Royal Canadian Rifle Regiment
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The concern which led to the creation of the Regiment was the continuing problem of desertion. Soldiers of the British Army in garrison in Canada were often tempted to flee to the United States from which they would not be deported. At garrisons located close the international border such as Fort Mississauga in Niagara, Fort Malden in Amherstburg and Fort Wellington in Prescott, the problem of desertion was epidemic during and after the War of 1812.
In order to combat this problem, the Royal Canadian Rifle Regiment only recruited veterans of at least 15 years' service in the British Army. These men were thought to be more reliable than their younger counterparts. In addition, the pay of private soldiers in the Regiment was doubled to two shillings per day instead of the normal one shilling per day. They were also offered the prospect of a pension upon completion of 21 years of military service and free grants of land.
Another unusual feature of the Royal Canadian Rifle Regiment was its uniform and tactical employment. While most infantry in the British Army wore redcoats into the 1880s and 1890s and fought with smoothbore muskets into the 1850s, during the Napoleonic Wars the Army had experimented with regiments of rifle-armed infantry who wore green uniforms in an early attempt at camouflage. Deployed as skirmishers, these men of the King's Royal Rifle Corps, the 60th Regiment, and the 95th Regiment, performed sterling service throughout the Peninsular War and the Waterloo Campaign in 1815.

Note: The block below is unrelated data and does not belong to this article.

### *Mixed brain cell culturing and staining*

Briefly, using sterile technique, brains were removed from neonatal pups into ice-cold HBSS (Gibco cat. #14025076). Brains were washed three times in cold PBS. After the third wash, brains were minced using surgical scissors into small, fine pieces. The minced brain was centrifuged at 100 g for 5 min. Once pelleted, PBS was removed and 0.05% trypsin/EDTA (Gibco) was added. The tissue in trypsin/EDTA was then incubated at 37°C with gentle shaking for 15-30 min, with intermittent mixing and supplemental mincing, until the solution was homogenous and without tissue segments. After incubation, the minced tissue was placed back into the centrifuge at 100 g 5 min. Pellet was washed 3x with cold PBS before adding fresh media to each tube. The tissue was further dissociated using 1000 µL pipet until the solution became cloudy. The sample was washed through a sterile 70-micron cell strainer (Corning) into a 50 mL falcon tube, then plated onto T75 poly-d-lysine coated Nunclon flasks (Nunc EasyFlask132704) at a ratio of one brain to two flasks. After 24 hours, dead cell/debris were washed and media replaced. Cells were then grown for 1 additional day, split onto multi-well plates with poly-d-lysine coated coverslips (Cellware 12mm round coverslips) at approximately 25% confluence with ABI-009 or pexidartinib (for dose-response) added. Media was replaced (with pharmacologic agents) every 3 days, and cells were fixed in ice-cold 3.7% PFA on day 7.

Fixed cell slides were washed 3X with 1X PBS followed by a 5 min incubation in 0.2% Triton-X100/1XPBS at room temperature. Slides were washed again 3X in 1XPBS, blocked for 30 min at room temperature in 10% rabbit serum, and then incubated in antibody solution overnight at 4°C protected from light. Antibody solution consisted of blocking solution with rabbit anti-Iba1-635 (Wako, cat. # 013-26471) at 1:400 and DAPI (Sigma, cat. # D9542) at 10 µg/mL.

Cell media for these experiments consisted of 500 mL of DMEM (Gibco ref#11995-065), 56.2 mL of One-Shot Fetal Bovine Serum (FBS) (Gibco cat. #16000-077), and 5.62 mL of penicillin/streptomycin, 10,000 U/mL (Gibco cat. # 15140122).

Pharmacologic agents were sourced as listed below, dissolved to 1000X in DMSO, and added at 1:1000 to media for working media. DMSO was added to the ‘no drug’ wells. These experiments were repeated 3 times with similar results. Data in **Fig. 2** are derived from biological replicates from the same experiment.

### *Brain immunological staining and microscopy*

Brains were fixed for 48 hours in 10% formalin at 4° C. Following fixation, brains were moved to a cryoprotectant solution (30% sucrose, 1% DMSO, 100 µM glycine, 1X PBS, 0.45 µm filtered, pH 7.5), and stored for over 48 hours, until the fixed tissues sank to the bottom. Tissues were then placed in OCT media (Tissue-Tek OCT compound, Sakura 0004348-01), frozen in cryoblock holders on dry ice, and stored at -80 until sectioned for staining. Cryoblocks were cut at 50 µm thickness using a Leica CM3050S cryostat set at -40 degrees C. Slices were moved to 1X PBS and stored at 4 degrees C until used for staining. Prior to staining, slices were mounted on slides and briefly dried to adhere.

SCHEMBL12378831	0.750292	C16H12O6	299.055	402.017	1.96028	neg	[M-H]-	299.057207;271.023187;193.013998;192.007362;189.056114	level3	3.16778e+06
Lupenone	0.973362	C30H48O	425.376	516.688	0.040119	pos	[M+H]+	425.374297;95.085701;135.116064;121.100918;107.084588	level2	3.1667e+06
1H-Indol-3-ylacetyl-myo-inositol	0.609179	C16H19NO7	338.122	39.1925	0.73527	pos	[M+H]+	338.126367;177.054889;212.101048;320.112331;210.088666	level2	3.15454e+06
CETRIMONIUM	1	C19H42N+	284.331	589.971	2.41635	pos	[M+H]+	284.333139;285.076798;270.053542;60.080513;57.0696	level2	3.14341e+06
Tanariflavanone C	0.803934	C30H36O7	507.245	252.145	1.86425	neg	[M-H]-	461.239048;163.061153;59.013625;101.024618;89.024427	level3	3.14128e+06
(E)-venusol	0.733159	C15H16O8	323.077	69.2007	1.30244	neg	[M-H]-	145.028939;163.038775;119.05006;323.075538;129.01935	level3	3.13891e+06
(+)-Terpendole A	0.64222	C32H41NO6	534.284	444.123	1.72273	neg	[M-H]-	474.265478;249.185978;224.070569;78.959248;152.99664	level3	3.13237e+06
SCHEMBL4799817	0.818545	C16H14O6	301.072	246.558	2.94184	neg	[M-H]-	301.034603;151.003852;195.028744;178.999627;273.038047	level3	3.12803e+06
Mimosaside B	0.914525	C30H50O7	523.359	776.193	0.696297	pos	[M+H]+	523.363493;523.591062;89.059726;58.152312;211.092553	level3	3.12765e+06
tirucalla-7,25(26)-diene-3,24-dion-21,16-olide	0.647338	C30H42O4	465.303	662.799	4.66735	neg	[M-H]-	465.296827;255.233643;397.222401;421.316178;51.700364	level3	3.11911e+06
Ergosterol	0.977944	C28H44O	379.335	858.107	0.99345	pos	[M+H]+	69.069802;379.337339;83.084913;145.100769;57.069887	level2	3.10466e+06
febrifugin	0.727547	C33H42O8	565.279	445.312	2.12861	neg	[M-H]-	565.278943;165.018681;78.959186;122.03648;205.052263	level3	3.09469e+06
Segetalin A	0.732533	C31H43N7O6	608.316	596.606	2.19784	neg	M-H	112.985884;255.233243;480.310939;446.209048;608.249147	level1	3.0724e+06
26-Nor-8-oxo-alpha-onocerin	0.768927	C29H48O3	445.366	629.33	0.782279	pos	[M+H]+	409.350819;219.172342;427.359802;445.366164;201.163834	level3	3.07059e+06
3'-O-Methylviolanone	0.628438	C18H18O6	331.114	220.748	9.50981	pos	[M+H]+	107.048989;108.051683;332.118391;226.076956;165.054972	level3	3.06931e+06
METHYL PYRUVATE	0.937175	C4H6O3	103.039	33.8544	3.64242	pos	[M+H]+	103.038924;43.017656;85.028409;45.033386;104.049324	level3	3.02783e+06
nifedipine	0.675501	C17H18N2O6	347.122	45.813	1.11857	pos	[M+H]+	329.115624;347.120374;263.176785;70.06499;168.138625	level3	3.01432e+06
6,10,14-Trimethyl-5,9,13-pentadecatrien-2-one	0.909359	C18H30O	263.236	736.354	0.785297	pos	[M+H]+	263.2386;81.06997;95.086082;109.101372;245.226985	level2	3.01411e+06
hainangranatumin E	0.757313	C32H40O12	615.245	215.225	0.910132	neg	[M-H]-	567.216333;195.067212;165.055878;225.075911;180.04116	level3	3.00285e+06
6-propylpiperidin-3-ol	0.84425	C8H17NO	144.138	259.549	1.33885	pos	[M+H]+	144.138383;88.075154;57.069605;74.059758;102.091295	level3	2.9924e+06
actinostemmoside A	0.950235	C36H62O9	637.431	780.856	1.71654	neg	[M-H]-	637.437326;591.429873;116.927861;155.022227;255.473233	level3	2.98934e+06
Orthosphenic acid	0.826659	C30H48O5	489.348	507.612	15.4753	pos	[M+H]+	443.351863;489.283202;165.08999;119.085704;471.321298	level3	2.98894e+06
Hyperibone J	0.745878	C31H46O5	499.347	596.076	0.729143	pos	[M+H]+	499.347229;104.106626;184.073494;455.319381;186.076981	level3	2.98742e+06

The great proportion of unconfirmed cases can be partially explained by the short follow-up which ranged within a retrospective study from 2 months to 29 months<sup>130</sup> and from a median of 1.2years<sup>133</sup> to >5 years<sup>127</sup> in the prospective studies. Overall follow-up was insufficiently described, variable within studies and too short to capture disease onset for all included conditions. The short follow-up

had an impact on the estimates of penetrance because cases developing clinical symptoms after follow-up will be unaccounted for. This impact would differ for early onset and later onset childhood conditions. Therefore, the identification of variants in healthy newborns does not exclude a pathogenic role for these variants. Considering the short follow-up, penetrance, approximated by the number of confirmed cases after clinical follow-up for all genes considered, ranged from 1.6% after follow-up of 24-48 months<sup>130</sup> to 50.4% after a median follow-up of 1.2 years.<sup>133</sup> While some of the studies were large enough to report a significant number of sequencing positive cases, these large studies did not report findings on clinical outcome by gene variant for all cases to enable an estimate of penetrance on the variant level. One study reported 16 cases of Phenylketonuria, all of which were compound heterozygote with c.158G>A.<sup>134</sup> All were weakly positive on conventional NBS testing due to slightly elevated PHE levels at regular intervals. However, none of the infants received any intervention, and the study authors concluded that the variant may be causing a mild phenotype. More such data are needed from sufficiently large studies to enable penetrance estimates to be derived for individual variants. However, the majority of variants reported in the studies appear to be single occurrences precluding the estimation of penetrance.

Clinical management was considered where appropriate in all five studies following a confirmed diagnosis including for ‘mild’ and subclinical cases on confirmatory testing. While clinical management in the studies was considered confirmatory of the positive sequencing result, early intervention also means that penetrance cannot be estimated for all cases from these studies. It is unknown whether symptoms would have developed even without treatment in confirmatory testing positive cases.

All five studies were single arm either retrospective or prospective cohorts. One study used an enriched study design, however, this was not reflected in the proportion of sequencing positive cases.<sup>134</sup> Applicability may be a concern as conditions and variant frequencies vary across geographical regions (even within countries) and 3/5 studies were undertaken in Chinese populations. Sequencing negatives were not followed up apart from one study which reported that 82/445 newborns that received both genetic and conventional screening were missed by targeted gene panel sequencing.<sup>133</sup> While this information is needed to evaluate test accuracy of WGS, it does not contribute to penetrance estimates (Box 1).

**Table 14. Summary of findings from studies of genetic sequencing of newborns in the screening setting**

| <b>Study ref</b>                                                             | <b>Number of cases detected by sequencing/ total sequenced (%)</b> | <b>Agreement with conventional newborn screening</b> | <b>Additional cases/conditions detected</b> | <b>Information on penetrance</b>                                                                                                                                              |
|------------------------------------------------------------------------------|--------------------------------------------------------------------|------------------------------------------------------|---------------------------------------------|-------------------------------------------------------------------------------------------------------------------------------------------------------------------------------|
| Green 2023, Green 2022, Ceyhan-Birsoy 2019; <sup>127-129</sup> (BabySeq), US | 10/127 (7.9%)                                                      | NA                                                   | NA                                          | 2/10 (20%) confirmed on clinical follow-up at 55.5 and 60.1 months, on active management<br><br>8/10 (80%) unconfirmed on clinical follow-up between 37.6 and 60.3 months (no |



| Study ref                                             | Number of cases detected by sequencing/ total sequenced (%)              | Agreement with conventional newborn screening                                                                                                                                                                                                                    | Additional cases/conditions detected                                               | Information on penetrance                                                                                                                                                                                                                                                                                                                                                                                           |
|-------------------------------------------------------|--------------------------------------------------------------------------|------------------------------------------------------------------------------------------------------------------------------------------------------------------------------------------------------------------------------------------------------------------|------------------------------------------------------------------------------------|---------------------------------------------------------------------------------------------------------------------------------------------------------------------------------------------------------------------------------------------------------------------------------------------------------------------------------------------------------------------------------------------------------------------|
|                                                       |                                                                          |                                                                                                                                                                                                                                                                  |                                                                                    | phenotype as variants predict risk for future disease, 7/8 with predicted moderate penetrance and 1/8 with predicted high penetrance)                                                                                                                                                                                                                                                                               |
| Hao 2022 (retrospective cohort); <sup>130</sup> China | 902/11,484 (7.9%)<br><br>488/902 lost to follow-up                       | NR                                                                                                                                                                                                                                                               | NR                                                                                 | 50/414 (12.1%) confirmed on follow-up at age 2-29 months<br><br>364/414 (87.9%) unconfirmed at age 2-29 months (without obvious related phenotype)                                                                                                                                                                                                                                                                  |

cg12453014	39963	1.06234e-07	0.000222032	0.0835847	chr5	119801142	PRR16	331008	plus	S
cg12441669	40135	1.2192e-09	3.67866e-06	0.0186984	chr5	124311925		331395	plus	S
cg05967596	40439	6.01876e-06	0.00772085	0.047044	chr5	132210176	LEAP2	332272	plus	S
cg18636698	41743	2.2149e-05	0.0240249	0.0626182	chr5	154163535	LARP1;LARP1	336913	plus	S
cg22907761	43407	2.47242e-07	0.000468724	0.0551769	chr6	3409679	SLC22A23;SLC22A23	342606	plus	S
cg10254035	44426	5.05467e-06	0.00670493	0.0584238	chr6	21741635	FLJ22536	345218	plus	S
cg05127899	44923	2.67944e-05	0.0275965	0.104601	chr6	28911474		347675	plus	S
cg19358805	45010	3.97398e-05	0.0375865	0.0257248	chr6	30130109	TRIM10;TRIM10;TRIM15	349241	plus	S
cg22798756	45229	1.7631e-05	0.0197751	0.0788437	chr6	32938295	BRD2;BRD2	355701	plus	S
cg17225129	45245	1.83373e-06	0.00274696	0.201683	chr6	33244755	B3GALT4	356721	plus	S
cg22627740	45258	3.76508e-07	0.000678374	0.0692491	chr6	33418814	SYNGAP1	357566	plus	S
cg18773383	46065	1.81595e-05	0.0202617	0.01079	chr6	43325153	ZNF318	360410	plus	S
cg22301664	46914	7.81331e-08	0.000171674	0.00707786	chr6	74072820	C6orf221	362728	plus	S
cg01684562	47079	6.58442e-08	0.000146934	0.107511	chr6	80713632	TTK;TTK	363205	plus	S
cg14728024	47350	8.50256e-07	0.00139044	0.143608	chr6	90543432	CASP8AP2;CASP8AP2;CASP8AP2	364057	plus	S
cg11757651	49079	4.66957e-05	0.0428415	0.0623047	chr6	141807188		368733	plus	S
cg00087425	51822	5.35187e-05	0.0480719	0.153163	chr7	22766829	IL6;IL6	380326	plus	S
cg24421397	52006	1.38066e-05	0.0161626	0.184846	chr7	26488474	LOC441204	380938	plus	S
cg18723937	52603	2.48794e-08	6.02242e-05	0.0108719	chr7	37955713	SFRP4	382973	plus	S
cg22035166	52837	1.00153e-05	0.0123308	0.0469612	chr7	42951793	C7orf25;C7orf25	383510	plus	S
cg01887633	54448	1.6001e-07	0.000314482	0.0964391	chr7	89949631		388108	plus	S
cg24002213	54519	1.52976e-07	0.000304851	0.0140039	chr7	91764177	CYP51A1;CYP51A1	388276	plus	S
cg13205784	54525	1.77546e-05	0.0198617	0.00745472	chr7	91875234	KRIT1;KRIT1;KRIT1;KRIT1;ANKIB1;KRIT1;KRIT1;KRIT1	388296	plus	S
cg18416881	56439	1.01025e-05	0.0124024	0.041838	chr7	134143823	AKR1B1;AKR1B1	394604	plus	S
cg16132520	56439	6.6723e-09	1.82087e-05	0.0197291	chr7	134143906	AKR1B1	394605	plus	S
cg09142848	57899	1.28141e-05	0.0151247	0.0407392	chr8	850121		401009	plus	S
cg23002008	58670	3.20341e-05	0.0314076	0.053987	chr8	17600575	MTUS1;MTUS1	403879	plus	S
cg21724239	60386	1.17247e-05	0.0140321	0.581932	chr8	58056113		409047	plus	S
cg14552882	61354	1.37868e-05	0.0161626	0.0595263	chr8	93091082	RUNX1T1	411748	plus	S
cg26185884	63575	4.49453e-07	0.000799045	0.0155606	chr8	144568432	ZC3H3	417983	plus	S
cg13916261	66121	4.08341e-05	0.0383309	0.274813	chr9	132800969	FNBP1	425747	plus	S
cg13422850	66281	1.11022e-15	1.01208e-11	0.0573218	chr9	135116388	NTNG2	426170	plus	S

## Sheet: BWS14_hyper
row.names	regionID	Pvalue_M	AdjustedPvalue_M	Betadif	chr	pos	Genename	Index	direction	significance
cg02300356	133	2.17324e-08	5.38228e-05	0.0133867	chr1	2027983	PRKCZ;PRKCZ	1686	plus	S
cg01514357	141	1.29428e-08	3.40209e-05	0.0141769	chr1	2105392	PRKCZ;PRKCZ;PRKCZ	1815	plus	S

After the War of 1812, the Duke of Wellington opined that light infantry and rifle-armed skirmishers would prove of great value in any future campaigns in North America. Taking this advice, the British Army elected to embody the new, veterans' regiment as a rifle regiment rather than a more traditional infantry regiment.
The initial weapon of the Royal Canadian Rifle Regiment was the Baker rifle, which had been introduced into service in the British Army during the Napoleonic Wars. While beloved by its users and quite sophisticated in design, it was a flintlock weapon and therefore liable to malfunction in rain or wind. In 1841, the Army adopted a percussion lock rifle called the Brunswick rifle which was intended to retain the Baker rifle's better characteristics with a more reliable mechanism.
The result of this change was unfortunate. The Brunswick Rifle was an inelegant rifle which suffered from a severe recoil when fired. In addition, the inherent problem of loading rifled ammunition down the barrel of a muzzle-loading rifle remained to be solved. Where a smoothbore musket could be fired at least three times per minute in experienced hands, a Brunswick or Baker Rifle required a full minute to reload. While accurate to a range of approximately 300 yards rather than the 100 yards of the musket, the slowness of reloading proved a dangerous liability on the battlefield.
The Royal Canadian Rifle Regiment was disbanded on 30 September 1870 at Kingston.
Fort Wellington is a national historic site operated by Parks Canada and depicts the period 1846. At this time, a company of the Royal Canadian Rifle Regiment was in garrison at the Fort and visitors can see guides in the uniform of this Regiment as well as a restored barracks.
- Encyclopaedic history of the British Army: http://www.regiments.org/regiments/na-canada/inf/840rcrr.htm
- Fort Wellington National Historic site: http://www.pc.gc.ca/lhn-nhs/on/wellington/index_e.asp